“Amanuensis” (Hayden’s Ferry Review)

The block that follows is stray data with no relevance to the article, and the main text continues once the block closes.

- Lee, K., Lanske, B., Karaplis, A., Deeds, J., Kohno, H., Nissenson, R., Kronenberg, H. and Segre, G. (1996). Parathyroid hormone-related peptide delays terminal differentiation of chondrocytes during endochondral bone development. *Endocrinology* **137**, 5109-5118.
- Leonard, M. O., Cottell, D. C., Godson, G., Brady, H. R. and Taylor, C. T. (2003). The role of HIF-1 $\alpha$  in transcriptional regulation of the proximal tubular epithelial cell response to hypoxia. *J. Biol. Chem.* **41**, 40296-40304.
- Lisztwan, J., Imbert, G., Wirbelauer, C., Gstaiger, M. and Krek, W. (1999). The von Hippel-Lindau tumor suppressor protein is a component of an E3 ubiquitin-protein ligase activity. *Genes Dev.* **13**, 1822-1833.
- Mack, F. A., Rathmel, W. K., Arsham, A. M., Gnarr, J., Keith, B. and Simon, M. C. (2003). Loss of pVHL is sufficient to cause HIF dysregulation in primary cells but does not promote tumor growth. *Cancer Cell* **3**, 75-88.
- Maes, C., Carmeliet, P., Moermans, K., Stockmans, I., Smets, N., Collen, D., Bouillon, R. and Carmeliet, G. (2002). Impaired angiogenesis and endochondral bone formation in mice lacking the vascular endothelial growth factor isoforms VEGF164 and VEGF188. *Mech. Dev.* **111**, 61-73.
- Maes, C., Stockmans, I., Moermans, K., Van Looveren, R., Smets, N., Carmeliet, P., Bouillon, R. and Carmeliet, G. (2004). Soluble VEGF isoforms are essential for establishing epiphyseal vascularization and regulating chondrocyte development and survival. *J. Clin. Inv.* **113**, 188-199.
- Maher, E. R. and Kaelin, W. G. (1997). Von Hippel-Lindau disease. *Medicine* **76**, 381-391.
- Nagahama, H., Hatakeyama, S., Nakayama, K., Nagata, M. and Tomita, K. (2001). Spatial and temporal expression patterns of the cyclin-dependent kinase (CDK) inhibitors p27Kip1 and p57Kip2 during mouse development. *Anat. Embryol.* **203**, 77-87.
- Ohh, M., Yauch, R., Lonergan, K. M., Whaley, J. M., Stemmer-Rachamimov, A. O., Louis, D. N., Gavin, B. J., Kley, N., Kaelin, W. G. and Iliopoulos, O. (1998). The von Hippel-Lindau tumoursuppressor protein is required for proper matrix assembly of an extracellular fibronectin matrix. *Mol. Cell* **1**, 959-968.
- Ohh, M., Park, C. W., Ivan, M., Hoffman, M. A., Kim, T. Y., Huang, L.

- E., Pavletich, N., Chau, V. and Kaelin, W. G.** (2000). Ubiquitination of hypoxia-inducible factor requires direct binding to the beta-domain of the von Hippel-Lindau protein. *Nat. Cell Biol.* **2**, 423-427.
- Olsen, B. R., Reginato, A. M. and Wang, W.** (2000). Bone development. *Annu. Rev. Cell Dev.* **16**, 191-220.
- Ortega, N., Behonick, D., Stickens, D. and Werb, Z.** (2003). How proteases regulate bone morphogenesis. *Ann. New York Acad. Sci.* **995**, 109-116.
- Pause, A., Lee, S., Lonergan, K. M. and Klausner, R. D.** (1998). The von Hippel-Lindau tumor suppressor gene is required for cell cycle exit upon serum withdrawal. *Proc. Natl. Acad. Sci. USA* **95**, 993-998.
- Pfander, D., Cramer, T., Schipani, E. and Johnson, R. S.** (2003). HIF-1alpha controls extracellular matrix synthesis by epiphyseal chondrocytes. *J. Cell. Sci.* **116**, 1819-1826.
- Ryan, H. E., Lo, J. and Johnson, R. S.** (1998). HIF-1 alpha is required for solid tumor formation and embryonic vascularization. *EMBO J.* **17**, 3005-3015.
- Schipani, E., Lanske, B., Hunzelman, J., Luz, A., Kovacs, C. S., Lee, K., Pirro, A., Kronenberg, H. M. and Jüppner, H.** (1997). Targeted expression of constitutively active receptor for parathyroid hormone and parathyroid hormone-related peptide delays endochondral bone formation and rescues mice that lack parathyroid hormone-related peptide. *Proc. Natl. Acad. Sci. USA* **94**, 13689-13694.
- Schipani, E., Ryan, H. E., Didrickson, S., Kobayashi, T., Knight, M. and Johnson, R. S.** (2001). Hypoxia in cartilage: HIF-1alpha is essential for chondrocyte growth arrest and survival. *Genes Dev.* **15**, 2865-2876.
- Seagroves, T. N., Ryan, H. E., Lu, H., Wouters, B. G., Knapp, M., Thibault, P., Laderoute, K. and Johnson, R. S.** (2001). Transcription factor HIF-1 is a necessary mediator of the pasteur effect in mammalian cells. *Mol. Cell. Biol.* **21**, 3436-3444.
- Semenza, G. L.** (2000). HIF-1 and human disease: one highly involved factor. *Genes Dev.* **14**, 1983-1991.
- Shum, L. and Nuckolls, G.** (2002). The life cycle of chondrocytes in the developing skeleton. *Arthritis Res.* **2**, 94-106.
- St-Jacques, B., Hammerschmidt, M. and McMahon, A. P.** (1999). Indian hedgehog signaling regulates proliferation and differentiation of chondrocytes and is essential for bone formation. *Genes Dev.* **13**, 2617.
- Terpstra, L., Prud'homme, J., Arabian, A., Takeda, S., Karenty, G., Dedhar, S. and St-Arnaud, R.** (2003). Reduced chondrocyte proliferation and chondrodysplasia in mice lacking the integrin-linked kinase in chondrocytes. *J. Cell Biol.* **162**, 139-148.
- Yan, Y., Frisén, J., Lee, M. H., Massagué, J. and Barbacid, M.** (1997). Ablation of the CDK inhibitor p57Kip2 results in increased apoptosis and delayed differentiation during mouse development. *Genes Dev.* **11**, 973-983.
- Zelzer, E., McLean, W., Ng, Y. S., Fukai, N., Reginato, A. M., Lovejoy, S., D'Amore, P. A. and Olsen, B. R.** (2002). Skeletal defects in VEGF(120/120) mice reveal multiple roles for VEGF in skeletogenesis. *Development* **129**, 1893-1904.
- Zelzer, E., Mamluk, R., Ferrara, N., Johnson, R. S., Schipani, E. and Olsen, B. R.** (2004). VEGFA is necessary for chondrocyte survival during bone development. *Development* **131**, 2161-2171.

An amanuensis is a scribe, a secretary, who carefully writes what others dictate. When we find a record or document detailing the events of a particular place or time, an amanuensis is often responsible. Without him, we do not know what really happened. After a long snowstorm, the residents of a small town discover that Dumond has disappeared. Dumond is a man of science, beloved by nearly all his eighth grade students. He is a keen observer of all things natural. He is rumored to have gone out to photograph “ice crystals and falling flakes.” The events of Stephen Tuttle’s tale rest on these facts. Like a grotesque story by Shirley Jackson, “Amanuensis” chronicles the response of the town once Dumond is gone. At first he’s remembered fondly. But after his wife also leaves, the townspeople’s curiosity draws them into the vacant house. There they discover Dumond’s hobby—in his basement, he had built a nearly perfect replica of their town. Closer inspection reveals how much he actually knew about them. Too much, it seems. Curiosity is replaced by suspicion; suspicion by fear; fear by destruction and finally by the return of softly falling snow bringing with it once again the peace of forgetfulness. Why are we humans so small minded? Why do our imaginations lead to ignorance, fear, and violence? Can this part of our nature truly change? Should we blame the amanuensis? The Association for Mormon Letters is pleased to present an award in Short Fiction to Stephen Tuttle for “Amanuensis,” which was published in Hayden’s Ferry Review.